When thinking about a guided tour about Caribbean stories in The Hague (Netherlands) related to the Dutch colonial period, rain is not the first thing that comes to the mind. Alas, it rained cats and dogs that afternoon in The Hague. Nonetheless, the participants of the tour were eager to know what stories the tour guide Valika Smeulders will unlock that afternoon on May 13, 2017.
This tour was made possible in collaboration with Stichting WeConnect. Valika Smeulders is a Curaçao-born freelance researcher, and works at the KITLV on research projects about heritage and identity experience amongst Dutch citizens with roots from Aruba, Bonaire, and Curaçao. Furthermore, Smeulders is specialised in history of slavery in the context of Caribbean islands and (West) African countries. With her company PasadoPresente, she researches the past and makes the results publicly accessible through tours, lecture, and so on.
The tour Dekubrí bo mes starts at the Binnenhof, the inner courtyard of the House of Parliament in The Hague. Here, Smeulders introduces the public with several 17th century paintings by. In these paintings, black figures were also included, but mostly in the background. Several of these figures could be traced back through research, revealing who they were and why they were included in the paintings.
When the rain calmed down, we walked towards the junction Buitenhof and Lange Vijverberg. Along these two streets is where Smeulders unlocks slave stories related to the Caribbean. From all the individual stories – some gloomy and some triumphant – one can find a silver lining in this tour: Black people, be it slaves or born free, were standing up for their rights as human beings. Moreover, several court cases happened in The Hague, where several Black people won their case; even if the cases took them years or a decade to go through. At the end of the tour, it was remarkable, but perhaps biasedly chosen by Smeulders to include in her guided tour, to know that there were quite a lot of Black women who fought for their rights, as well as in The Hague and in the former colonised islands in the Caribbean. How come these stories are not widely known or included in the glorified Dutch colonial history? Is this a case of whitewashing of the Dutch colonial history? Maybe the answer is in the question itself.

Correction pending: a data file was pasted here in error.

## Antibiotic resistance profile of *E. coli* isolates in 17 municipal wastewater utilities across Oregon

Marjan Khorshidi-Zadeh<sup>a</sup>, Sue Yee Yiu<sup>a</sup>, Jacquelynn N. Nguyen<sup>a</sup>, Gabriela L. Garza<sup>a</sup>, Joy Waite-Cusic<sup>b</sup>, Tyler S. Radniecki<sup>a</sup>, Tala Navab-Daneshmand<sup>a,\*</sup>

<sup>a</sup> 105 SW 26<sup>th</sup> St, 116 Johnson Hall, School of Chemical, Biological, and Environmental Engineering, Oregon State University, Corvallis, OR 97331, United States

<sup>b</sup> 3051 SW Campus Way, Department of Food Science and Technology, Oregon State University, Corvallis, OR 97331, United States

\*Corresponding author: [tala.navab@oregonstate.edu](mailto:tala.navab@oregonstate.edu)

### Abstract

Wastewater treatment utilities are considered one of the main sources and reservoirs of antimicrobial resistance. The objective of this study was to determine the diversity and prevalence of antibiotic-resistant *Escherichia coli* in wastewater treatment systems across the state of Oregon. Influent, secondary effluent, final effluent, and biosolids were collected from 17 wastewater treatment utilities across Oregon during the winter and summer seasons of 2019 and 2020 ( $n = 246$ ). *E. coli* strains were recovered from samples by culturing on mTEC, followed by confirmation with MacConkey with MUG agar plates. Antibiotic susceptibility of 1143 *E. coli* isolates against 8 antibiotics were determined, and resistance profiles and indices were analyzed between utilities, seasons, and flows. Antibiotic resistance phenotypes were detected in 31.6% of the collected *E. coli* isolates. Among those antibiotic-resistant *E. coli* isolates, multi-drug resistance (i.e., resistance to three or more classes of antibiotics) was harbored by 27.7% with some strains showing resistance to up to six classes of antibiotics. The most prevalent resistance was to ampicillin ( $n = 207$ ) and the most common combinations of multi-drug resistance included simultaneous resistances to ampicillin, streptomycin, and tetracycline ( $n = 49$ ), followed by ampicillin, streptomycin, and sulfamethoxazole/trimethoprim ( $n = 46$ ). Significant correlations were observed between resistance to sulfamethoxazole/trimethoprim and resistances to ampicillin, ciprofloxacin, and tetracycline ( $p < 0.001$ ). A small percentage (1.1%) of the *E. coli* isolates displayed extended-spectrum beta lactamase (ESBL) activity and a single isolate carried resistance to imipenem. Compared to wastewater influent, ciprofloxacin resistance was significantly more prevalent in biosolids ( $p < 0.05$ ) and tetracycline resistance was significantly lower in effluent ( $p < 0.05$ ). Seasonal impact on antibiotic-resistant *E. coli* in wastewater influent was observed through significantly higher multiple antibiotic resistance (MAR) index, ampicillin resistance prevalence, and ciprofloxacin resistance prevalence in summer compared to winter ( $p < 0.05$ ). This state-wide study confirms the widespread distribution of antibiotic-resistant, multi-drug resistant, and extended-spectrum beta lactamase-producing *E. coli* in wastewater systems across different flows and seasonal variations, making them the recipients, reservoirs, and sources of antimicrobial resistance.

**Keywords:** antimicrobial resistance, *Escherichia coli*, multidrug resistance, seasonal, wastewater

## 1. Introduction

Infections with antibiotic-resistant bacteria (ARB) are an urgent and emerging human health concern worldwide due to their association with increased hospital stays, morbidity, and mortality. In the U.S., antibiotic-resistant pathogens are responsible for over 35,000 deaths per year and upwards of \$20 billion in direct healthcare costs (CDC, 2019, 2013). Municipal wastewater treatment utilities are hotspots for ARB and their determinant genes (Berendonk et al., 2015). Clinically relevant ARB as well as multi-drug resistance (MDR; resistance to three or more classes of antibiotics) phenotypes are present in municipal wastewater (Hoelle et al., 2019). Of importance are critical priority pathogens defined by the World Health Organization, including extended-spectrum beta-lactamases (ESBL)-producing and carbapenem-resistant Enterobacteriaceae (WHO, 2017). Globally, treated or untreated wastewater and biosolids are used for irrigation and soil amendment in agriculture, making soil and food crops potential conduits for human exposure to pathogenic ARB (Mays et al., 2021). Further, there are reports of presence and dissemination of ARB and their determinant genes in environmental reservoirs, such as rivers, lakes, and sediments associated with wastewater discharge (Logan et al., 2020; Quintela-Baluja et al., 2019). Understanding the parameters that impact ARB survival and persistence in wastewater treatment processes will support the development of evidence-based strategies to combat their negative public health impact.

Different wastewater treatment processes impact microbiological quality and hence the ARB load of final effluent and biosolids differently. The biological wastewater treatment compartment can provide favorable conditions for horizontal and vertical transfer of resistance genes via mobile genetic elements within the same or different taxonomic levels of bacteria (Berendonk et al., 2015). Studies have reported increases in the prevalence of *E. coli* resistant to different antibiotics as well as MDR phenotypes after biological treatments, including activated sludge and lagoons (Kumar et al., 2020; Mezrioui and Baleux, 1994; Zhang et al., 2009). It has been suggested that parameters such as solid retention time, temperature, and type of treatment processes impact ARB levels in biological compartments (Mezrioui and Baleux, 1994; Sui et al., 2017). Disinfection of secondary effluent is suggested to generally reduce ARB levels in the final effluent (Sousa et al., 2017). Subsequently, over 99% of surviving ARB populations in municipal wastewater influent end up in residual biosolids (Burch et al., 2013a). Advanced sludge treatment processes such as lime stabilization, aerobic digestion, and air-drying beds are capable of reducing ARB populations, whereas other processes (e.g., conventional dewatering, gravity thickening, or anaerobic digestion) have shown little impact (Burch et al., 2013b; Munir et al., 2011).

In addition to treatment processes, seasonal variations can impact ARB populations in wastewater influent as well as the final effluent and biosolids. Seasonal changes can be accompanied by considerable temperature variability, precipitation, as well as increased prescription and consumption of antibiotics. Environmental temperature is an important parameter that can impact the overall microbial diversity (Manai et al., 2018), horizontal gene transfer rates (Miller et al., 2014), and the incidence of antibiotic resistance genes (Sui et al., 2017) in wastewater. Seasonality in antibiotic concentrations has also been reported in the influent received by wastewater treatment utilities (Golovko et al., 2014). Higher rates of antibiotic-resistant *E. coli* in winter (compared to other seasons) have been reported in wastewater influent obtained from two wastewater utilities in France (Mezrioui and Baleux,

After the tour, the whole group headed towards a café at the Grote Markt in The Hague to freshen up with some beers, wine, or hot chocolate. There, we all could socialise, network, and exchange ideas about politics in the Caribbean. Specifically, politics on Curaçao and Aruba.
All in all, this tour is a must for not only the public with Caribbean roots, but also for everyone interested in history. But most importantly, such tours should become mandatory – for the time being – for every elementary, high school, and university in The Netherlands. This way our youth in The Netherlands can expand their historical knowledge of Dutch colonialism critically.
Decolonise education, decolonise your mind.
Featured image by Tomasz Piessens.